Watch Motorists Play Games and Read in Self-Driving Cars
People have been seen on YouTube putting tremendous faith in the autopilot feature.
From playing patty cake to taking part in arm wrestling matches, these motorists appear to be concentrating on anything but the road.
The startling videos posted to YouTube show people lounging around — and even reading — while their self-driving cars do all the work.
The footage comes in the wake of the first death of a motorist inside a self-driving Tesla. Joshua Brown, a Navy SEAL, died after smashing into a tractor-trailer near Gainesville, Florida, in May. Witnesses said he was watching a Harry Potter movie at the time, a claim Tesla has disputed.
A second serious crash involved a Tesla on autopilot has also been reported. Police in Pennsylvania say the motorist smashed into a guardrail and a concrete median before his car rolled onto its roof on July 1.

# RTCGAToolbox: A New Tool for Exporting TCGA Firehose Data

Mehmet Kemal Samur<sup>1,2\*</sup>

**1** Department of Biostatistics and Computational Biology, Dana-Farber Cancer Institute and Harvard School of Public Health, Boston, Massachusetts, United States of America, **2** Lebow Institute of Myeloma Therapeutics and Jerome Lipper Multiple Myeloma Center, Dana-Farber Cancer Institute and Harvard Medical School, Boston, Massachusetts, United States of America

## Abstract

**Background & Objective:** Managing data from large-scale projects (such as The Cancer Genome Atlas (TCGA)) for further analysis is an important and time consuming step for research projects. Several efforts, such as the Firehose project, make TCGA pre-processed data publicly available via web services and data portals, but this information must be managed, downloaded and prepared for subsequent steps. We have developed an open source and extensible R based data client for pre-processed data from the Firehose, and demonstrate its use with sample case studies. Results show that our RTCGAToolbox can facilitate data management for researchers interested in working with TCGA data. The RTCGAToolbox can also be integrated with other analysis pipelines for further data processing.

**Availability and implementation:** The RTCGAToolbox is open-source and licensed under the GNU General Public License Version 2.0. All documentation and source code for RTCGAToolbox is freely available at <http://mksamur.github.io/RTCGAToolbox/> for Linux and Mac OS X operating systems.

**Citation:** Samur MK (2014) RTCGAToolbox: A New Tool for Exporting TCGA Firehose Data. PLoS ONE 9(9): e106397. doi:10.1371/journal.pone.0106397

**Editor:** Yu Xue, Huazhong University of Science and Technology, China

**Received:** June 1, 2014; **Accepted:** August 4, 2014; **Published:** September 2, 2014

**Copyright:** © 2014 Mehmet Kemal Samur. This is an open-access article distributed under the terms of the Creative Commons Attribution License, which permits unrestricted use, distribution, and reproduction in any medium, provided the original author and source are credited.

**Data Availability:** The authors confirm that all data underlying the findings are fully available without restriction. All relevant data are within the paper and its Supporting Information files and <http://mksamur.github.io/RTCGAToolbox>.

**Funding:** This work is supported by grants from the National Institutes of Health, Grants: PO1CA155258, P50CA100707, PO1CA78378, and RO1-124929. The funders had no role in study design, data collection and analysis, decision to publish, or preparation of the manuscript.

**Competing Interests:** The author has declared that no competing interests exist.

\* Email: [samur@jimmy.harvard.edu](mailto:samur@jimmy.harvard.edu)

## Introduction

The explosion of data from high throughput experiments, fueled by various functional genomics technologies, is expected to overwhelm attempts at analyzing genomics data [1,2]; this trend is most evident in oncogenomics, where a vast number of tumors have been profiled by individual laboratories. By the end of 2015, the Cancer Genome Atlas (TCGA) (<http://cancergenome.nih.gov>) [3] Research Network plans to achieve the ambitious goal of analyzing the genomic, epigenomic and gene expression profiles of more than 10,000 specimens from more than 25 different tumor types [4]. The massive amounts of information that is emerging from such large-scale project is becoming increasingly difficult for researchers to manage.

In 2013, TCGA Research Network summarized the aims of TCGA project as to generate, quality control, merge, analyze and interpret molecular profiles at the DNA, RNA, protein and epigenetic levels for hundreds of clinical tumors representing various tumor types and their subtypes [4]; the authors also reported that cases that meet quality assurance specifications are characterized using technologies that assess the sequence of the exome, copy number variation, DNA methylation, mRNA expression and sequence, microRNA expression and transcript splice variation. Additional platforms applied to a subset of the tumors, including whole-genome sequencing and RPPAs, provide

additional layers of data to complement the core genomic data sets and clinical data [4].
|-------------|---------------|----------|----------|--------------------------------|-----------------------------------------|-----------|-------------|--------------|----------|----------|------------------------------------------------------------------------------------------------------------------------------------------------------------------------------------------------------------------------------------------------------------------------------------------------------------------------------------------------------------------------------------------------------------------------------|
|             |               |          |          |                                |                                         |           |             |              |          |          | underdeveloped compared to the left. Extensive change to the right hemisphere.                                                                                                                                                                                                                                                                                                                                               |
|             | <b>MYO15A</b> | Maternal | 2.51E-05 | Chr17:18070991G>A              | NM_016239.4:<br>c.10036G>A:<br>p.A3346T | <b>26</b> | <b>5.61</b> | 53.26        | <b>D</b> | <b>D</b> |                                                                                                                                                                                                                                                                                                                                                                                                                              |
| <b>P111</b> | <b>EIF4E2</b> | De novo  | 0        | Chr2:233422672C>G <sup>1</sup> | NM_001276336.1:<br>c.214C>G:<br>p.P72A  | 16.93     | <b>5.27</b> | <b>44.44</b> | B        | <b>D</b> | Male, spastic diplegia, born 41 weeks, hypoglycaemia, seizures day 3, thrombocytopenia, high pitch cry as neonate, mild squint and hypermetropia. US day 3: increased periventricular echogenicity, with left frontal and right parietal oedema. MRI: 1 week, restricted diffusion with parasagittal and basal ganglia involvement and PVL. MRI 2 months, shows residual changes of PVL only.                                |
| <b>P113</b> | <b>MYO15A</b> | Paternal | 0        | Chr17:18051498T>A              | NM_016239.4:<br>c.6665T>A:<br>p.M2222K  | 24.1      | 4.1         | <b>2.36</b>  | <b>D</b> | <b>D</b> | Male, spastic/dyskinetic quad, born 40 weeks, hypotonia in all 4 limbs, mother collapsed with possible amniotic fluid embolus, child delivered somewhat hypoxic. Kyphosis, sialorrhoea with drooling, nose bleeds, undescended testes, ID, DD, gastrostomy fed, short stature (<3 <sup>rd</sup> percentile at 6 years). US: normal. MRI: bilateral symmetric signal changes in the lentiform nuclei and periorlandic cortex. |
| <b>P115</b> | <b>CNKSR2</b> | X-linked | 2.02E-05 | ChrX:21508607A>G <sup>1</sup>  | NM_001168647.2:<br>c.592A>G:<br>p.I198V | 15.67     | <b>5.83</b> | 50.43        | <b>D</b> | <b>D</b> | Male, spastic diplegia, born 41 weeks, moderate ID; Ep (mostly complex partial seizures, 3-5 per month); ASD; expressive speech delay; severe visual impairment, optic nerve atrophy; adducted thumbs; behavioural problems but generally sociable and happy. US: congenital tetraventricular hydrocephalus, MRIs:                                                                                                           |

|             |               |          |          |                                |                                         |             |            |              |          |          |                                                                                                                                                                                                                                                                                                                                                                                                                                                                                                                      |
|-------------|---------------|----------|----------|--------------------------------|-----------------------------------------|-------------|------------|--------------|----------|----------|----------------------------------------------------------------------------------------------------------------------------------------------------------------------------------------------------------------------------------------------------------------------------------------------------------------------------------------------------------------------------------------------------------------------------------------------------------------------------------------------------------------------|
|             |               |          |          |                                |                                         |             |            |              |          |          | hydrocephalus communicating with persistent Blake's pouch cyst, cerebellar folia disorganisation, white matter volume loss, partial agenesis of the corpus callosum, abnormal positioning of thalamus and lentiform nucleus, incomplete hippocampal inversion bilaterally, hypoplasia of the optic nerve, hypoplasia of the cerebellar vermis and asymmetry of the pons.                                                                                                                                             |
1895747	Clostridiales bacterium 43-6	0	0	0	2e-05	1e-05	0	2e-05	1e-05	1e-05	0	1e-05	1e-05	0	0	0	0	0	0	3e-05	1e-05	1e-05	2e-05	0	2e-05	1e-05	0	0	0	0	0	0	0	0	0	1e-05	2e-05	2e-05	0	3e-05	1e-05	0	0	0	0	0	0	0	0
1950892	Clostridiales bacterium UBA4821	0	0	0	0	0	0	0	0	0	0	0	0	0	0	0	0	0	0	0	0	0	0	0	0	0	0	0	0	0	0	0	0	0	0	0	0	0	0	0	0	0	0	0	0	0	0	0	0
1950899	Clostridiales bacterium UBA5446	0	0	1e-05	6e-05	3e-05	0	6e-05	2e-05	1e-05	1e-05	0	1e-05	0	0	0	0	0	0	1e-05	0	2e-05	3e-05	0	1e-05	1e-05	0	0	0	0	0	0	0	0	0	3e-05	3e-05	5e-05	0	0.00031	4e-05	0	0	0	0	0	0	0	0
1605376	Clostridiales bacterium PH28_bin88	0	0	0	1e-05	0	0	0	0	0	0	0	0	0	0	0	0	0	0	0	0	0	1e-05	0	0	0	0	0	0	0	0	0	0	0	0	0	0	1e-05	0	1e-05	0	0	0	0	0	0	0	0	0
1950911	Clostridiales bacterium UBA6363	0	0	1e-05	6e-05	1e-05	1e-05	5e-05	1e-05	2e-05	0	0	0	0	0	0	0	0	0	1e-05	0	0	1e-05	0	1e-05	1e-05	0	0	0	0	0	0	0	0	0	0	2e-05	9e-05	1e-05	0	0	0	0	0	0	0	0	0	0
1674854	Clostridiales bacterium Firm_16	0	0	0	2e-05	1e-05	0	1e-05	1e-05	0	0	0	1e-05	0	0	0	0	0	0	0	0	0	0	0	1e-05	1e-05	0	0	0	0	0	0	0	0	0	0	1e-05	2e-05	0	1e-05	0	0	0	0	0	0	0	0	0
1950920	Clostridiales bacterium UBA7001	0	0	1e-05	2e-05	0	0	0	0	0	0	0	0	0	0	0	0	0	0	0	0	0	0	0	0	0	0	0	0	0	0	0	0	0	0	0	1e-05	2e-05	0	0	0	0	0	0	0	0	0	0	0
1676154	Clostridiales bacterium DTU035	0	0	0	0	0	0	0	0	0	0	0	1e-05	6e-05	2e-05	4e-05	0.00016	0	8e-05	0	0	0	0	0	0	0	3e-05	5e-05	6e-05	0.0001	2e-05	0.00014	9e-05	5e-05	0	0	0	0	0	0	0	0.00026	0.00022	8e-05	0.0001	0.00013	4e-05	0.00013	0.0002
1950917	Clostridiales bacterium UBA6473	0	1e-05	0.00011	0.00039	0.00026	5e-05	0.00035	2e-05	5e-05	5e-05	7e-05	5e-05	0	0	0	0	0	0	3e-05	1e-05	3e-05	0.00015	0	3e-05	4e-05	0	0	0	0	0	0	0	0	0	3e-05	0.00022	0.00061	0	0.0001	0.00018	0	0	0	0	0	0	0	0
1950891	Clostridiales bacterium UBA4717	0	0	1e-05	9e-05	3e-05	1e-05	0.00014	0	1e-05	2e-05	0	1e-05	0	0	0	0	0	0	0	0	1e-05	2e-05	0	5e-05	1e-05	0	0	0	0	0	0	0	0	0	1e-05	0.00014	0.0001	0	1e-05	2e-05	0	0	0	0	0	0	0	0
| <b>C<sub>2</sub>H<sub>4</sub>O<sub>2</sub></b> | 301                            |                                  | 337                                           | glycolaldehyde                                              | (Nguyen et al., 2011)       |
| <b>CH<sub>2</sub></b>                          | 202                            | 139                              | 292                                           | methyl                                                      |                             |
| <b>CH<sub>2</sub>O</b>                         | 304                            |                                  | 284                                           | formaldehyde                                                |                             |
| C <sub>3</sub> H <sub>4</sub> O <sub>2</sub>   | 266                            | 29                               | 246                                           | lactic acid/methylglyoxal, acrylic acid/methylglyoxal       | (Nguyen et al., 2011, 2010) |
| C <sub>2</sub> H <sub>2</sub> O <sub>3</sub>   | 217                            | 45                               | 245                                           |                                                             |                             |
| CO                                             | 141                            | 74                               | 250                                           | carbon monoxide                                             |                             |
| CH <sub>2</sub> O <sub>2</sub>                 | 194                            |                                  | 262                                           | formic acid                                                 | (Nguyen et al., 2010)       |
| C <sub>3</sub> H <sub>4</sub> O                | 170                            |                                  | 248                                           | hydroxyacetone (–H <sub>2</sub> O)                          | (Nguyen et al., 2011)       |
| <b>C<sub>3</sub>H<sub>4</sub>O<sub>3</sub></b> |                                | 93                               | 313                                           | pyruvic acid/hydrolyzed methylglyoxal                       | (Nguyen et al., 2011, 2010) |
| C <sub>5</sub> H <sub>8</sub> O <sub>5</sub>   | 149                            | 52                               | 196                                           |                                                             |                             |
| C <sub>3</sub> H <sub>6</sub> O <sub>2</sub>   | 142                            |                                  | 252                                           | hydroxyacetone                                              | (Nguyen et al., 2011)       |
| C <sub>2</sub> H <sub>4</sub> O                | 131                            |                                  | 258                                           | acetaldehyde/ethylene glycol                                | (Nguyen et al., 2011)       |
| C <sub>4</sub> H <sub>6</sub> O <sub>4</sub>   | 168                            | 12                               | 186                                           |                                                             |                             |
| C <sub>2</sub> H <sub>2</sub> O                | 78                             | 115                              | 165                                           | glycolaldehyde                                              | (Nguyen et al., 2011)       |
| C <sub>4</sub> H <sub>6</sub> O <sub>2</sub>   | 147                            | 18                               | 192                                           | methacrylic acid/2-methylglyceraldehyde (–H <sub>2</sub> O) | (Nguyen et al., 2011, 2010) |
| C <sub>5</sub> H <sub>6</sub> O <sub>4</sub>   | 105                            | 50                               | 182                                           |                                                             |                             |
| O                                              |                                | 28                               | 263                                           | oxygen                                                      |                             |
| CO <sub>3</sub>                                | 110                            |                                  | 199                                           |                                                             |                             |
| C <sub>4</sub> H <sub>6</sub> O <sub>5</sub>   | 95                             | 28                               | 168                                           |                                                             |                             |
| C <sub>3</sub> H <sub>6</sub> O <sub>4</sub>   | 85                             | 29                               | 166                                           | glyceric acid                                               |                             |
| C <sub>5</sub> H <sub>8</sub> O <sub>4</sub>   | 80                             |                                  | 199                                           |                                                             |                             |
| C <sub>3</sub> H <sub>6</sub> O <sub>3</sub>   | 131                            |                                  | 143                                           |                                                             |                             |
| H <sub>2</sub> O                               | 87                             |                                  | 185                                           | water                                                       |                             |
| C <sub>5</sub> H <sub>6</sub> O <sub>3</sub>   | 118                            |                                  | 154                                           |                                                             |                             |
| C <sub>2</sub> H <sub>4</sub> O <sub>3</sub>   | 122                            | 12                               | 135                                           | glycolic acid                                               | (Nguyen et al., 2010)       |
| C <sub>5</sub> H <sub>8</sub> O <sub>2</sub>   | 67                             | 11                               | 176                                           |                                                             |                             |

Experts say that despite the self-driving technology, motorists need to keep their eyes on the road. Bob Sorokanich, news editor for Road & Track Magazine, called the videos "foolish."
"You do need to have your hands at the ready and your feet at the ready because you do not know when the technology is going to say, 'I don't know what's going on now,'" he said.
But a motorist in one of the videos says he trusts the technology. Nico Rosales told Inside Edition he sat in the passenger seat while his car traveled at 70 mph — with no one behind the wheel.
"It's a little dangerous," he said, "but I have a lot of faith in the system."
But another Tesla owner said he had a close call when his car suddenly veered into the path of an oncoming car.
"Had I not reacted quickly to jerk the steering wheel in the opposite direction, I might have clipped it," he wrote as he shared the video to YouTube.
A Tesla spokesperson told Inside Edition that drivers need to stay alert.
"Autopilot is designed to add a layer of safety to our vehicles and is by far the most advanced driver assistance system on the road, but it does not turn a Tesla into an autonomous vehicle and does not allow the driver to abdicate responsibility," they said.
"It is paramount that our customers exercise safe behavior when using Tesla vehicles — including remaining alert and present when using the car’s driver assistance features."
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